The secret is in building citizen service processes that work well with all channels - and not just with some. The public sector cannot politically take some of the risks accepted by private companies who experimented with new channels – adopting those that work, and eliminating those that do not.
Private sector experience also shows that offering customers a wide variety of choices in accessing services is in itself is no panacea. It cannot camouflage inefficient or inappropriate services that do not meet the customer requirement. If we are to expose public services over the Internet to the citizen in a self-service manner, we must mask, or remove, the complexity of inter-departmental procedures and protocols, by building on-line services that are easily understood, easy to use, secure, and unbreakable.
Increasingly, the private sector is turning to web portal technology to provide one-stop on-line shopping for products and services. Web portals allow multiple services to be integrated into a single web site, with a single secure log-on and access to a wide variety of information and self-help services. If the public sector is to mirror this, integration between multiple departmental systems is critical. Acceptance of eCommerce, and realisation of real benefits, are only achieved where real operational systems, delivering real-world services, are integrated into on-line service offerings. A pretty web site with dizzying graphics does not make an effective eCommerce site and the same is true for eGovernment.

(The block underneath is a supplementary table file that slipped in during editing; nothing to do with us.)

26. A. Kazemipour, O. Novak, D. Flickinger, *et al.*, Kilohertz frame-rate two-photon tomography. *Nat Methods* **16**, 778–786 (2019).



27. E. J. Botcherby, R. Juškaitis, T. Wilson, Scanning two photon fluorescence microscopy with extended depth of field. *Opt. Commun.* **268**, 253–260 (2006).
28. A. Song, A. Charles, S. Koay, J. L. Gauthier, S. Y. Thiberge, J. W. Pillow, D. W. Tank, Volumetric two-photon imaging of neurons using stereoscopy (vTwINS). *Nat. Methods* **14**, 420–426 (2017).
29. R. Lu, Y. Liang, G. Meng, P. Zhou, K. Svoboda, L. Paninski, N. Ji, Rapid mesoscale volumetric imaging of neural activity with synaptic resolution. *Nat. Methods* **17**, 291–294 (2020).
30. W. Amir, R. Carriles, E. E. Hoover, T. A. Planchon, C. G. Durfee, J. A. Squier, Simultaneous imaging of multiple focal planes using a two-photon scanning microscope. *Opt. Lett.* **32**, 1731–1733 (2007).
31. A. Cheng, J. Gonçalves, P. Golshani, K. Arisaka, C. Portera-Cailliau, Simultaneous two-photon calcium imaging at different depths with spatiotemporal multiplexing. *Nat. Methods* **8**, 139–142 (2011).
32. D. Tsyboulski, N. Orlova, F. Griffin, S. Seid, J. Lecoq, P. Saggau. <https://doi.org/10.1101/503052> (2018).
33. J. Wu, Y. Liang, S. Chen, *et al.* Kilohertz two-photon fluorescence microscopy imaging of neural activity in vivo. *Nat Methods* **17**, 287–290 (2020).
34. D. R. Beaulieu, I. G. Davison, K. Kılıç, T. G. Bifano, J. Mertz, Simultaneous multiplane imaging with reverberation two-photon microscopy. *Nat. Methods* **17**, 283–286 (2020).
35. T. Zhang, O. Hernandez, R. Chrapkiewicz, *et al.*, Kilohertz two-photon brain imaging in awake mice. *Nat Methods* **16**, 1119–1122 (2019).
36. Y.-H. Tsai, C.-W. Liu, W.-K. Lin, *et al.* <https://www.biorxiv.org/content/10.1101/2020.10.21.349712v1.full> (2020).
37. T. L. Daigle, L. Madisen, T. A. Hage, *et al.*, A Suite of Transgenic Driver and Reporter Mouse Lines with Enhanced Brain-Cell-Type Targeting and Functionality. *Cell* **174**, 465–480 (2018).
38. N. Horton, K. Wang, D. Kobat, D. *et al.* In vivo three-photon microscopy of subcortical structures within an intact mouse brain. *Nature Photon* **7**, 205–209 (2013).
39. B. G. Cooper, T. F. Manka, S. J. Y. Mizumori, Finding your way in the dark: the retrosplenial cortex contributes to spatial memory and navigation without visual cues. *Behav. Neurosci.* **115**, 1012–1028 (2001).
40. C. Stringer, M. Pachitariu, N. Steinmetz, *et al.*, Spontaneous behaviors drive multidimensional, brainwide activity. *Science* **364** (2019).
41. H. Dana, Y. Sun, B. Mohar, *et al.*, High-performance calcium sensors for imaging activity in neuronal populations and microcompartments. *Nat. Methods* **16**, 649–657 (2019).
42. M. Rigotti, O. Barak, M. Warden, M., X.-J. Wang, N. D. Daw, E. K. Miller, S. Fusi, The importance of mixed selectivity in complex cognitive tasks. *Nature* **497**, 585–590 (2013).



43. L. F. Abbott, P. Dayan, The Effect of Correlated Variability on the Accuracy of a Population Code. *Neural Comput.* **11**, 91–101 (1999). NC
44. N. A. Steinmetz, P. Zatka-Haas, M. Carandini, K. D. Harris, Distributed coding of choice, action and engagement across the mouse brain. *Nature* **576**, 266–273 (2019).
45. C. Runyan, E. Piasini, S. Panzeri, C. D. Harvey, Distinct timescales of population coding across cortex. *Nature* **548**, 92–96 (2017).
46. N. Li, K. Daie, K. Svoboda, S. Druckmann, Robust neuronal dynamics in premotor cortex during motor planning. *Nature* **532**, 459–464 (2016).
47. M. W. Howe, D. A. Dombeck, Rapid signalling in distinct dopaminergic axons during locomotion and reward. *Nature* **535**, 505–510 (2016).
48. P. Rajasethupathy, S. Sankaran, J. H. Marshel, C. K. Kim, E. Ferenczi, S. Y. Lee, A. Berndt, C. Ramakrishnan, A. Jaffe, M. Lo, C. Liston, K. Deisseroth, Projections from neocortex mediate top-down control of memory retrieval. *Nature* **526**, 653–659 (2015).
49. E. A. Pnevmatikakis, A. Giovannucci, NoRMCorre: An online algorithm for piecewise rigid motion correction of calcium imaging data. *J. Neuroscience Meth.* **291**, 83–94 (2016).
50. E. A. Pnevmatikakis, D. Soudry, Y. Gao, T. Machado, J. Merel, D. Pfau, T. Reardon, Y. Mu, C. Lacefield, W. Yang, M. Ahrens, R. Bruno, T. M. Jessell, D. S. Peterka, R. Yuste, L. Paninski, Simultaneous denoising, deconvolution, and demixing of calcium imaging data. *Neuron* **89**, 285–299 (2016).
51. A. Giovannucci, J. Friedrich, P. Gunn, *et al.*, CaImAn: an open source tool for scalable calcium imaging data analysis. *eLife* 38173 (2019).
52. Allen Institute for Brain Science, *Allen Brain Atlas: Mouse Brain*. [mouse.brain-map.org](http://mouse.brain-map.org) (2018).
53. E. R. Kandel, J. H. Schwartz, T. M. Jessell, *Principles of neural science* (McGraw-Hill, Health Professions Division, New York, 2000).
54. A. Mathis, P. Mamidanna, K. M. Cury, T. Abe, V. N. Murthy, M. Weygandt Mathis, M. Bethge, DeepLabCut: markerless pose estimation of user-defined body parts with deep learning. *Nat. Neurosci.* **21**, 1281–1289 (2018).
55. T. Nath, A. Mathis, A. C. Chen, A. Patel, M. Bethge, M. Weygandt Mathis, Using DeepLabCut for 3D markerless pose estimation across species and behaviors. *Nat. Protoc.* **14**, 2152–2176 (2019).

The good news is that the experience within large businesses shows that although requiring higher investment, eBusiness initiatives that result in the ability to exchange information between departments also improves internal systems and in turn performance, efficiency, service delivery, and most importantly, the culture of the organisation. Like citizens, staff will enjoy access to a more accurate, and complete, view of the citizen requesting services. This can be exploited to deliver a more responsive service, tailored to suit the individual’s requirements at that time, by using data to identify opportunities across different departments.
For example, if the Highways Department could identify from the central database a family that is in the final stages of being housed by the Social Housing Department, it could use this information to process a parking permit at the same time so it was ready for when the family moved in.